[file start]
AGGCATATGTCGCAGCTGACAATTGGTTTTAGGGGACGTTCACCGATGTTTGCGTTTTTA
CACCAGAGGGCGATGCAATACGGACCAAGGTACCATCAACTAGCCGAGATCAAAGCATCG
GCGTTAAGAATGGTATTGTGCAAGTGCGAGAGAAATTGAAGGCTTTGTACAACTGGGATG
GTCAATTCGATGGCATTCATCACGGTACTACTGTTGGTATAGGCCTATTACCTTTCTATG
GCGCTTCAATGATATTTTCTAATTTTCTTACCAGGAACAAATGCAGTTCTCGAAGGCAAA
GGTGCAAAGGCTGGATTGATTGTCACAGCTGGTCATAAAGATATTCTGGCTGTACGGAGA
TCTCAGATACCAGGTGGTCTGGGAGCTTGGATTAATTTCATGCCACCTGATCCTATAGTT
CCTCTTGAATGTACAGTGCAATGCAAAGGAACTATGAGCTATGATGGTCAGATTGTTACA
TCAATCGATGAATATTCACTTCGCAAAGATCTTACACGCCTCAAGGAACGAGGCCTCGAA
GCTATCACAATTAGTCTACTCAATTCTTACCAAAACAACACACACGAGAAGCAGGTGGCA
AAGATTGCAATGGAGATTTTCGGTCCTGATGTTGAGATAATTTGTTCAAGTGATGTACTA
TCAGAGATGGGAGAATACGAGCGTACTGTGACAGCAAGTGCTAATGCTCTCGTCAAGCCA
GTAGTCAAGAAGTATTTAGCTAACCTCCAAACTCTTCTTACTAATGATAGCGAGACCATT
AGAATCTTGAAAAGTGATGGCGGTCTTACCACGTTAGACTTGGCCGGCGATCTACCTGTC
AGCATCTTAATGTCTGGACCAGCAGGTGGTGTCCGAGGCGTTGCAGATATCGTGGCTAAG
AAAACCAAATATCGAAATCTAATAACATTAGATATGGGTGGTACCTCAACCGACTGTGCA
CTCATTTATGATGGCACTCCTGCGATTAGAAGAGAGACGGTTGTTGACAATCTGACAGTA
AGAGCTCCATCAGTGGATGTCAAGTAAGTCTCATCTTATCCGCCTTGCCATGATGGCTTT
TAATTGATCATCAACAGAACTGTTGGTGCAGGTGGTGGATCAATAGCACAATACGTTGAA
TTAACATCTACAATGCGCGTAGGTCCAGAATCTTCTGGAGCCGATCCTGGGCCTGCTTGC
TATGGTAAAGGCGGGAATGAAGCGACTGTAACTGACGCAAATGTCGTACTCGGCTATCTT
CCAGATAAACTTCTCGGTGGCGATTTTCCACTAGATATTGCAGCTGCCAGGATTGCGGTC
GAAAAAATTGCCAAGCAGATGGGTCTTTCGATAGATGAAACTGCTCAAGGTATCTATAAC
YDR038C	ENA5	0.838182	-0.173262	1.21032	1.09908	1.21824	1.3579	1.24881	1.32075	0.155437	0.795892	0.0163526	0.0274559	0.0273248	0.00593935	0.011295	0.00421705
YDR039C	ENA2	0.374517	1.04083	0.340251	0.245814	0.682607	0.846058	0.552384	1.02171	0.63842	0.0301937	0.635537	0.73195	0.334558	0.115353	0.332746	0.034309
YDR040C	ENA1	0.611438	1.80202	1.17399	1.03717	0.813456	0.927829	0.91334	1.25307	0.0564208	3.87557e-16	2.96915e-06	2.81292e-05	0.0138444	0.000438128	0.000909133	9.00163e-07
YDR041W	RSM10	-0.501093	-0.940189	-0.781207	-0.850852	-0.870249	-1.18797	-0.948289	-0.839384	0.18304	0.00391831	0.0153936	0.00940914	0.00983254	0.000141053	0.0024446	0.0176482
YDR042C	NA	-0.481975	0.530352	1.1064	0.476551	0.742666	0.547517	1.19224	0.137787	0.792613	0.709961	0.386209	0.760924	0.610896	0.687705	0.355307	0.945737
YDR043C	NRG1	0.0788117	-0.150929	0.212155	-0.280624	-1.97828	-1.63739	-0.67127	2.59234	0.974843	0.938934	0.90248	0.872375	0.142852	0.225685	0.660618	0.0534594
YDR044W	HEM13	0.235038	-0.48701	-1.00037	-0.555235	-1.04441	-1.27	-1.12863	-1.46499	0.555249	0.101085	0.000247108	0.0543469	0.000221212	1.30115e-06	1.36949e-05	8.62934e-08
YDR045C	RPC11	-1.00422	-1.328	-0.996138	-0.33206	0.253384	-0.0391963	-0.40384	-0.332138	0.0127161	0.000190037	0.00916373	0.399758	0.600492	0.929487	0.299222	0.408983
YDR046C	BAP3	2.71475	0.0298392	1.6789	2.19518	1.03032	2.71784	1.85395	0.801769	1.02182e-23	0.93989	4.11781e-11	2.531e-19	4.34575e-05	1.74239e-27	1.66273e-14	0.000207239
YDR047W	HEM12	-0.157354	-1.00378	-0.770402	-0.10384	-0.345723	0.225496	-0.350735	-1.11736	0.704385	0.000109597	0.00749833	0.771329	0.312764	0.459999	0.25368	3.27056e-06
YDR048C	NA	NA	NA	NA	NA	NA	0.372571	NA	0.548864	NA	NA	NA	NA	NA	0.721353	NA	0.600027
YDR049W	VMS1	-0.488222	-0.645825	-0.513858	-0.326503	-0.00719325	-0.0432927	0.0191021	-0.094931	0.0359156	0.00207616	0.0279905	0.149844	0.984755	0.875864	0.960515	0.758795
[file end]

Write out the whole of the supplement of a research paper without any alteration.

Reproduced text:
AGGCATATGTCGCAGCTGACAATTGGTTTTAGGGGACGTTCACCGATGTTTGCGTTTTTA
CACCAGAGGGCGATGCAATACGGACCAAGGTACCATCAACTAGCCGAGATCAAAGCATCG
GCGTTAAGAATGGTATTGTGCAAGTGCGAGAGAAATTGAAGGCTTTGTACAACTGGGATG
GTCAATTCGATGGCATTCATCACGGTACTACTGTTGGTATAGGCCTATTACCTTTCTATG
GCGCTTCAATGATATTTTCTAATTTTCTTACCAGGAACAAATGCAGTTCTCGAAGGCAAA
GGTGCAAAGGCTGGATTGATTGTCACAGCTGGTCATAAAGATATTCTGGCTGTACGGAGA
TCTCAGATACCAGGTGGTCTGGGAGCTTGGATTAATTTCATGCCACCTGATCCTATAGTT
CCTCTTGAATGTACAGTGCAATGCAAAGGAACTATGAGCTATGATGGTCAGATTGTTACA
TCAATCGATGAATATTCACTTCGCAAAGATCTTACACGCCTCAAGGAACGAGGCCTCGAA
GCTATCACAATTAGTCTACTCAATTCTTACCAAAACAACACACACGAGAAGCAGGTGGCA
AAGATTGCAATGGAGATTTTCGGTCCTGATGTTGAGATAATTTGTTCAAGTGATGTACTA
TCAGAGATGGGAGAATACGAGCGTACTGTGACAGCAAGTGCTAATGCTCTCGTCAAGCCA
GTAGTCAAGAAGTATTTAGCTAACCTCCAAACTCTTCTTACTAATGATAGCGAGACCATT
AGAATCTTGAAAAGTGATGGCGGTCTTACCACGTTAGACTTGGCCGGCGATCTACCTGTC
AGCATCTTAATGTCTGGACCAGCAGGTGGTGTCCGAGGCGTTGCAGATATCGTGGCTAAG
AAAACCAAATATCGAAATCTAATAACATTAGATATGGGTGGTACCTCAACCGACTGTGCA
CTCATTTATGATGGCACTCCTGCGATTAGAAGAGAGACGGTTGTTGACAATCTGACAGTA
AGAGCTCCATCAGTGGATGTCAAGTAAGTCTCATCTTATCCGCCTTGCCATGATGGCTTT
TAATTGATCATCAACAGAACTGTTGGTGCAGGTGGTGGATCAATAGCACAATACGTTGAA
TTAACATCTACAATGCGCGTAGGTCCAGAATCTTCTGGAGCCGATCCTGGGCCTGCTTGC
TATGGTAAAGGCGGGAATGAAGCGACTGTAACTGACGCAAATGTCGTACTCGGCTATCTT
CCAGATAAACTTCTCGGTGGCGATTTTCCACTAGATATTGCAGCTGCCAGGATTGCGGTC
GAAAAAATTGCCAAGCAGATGGGTCTTTCGATAGATGAAACTGCTCAAGGTATCTATAAC
YDR038C	ENA5	0.838182	-0.173262	1.21032	1.09908	1.21824	1.3579	1.24881	1.32075	0.155437	0.795892	0.0163526	0.0274559	0.0273248	0.00593935	0.011295	0.00421705
YDR039C	ENA2	0.374517	1.04083	0.340251	0.245814	0.682607	0.846058	0.552384	1.02171	0.63842	0.0301937	0.635537	0.73195	0.334558	0.115353	0.332746	0.034309
YDR040C	ENA1	0.611438	1.80202	1.17399	1.03717	0.813456	0.927829	0.91334	1.25307	0.0564208	3.87557e-16	2.96915e-06	2.81292e-05	0.0138444	0.000438128	0.000909133	9.00163e-07
YDR041W	RSM10	-0.501093	-0.940189	-0.781207	-0.850852	-0.870249	-1.18797	-0.948289	-0.839384	0.18304	0.00391831	0.0153936	0.00940914	0.00983254	0.000141053	0.0024446	0.0176482
YDR042C	NA	-0.481975	0.530352	1.1064	0.476551	0.742666	0.547517	1.19224	0.137787	0.792613	0.709961	0.386209	0.760924	0.610896	0.687705	0.355307	0.945737
YDR043C	NRG1	0.0788117	-0.150929	0.212155	-0.280624	-1.97828	-1.63739	-0.67127	2.59234	0.974843	0.938934	0.90248	0.872375	0.142852	0.225685	0.660618	0.0534594
YDR044W	HEM13	0.235038	-0.48701	-1.00037	-0.555235	-1.04441	-1.27	-1.12863	-1.46499	0.555249	0.101085	0.000247108	0.0543469	0.000221212	1.30115e-06	1.36949e-05	8.62934e-08
YDR045C	RPC11	-1.00422	-1.328	-0.996138	-0.33206	0.253384	-0.0391963	-0.40384	-0.332138	0.0127161	0.000190037	0.00916373	0.399758	0.600492	0.929487	0.299222	0.408983
YDR046C	BAP3	2.71475	0.0298392	1.6789	2.19518	1.03032	2.71784	1.85395	0.801769	1.02182e-23	0.93989	4.11781e-11	2.531e-19	4.34575e-05	1.74239e-27	1.66273e-14	0.000207239
YDR047W	HEM12	-0.157354	-1.00378	-0.770402	-0.10384	-0.345723	0.225496	-0.350735	-1.11736	0.704385	0.000109597	0.00749833	0.771329	0.312764	0.459999	0.25368	3.27056e-06
YDR048C	NA	NA	NA	NA	NA	NA	0.372571	NA	0.548864	NA	NA	NA	NA	NA	0.721353	NA	0.600027
YDR049W	VMS1	-0.488222	-0.645825	-0.513858	-0.326503	-0.00719325	-0.0432927	0.0191021	-0.094931	0.0359156	0.00207616	0.0279905	0.149844	0.984755	0.875864	0.960515	0.758795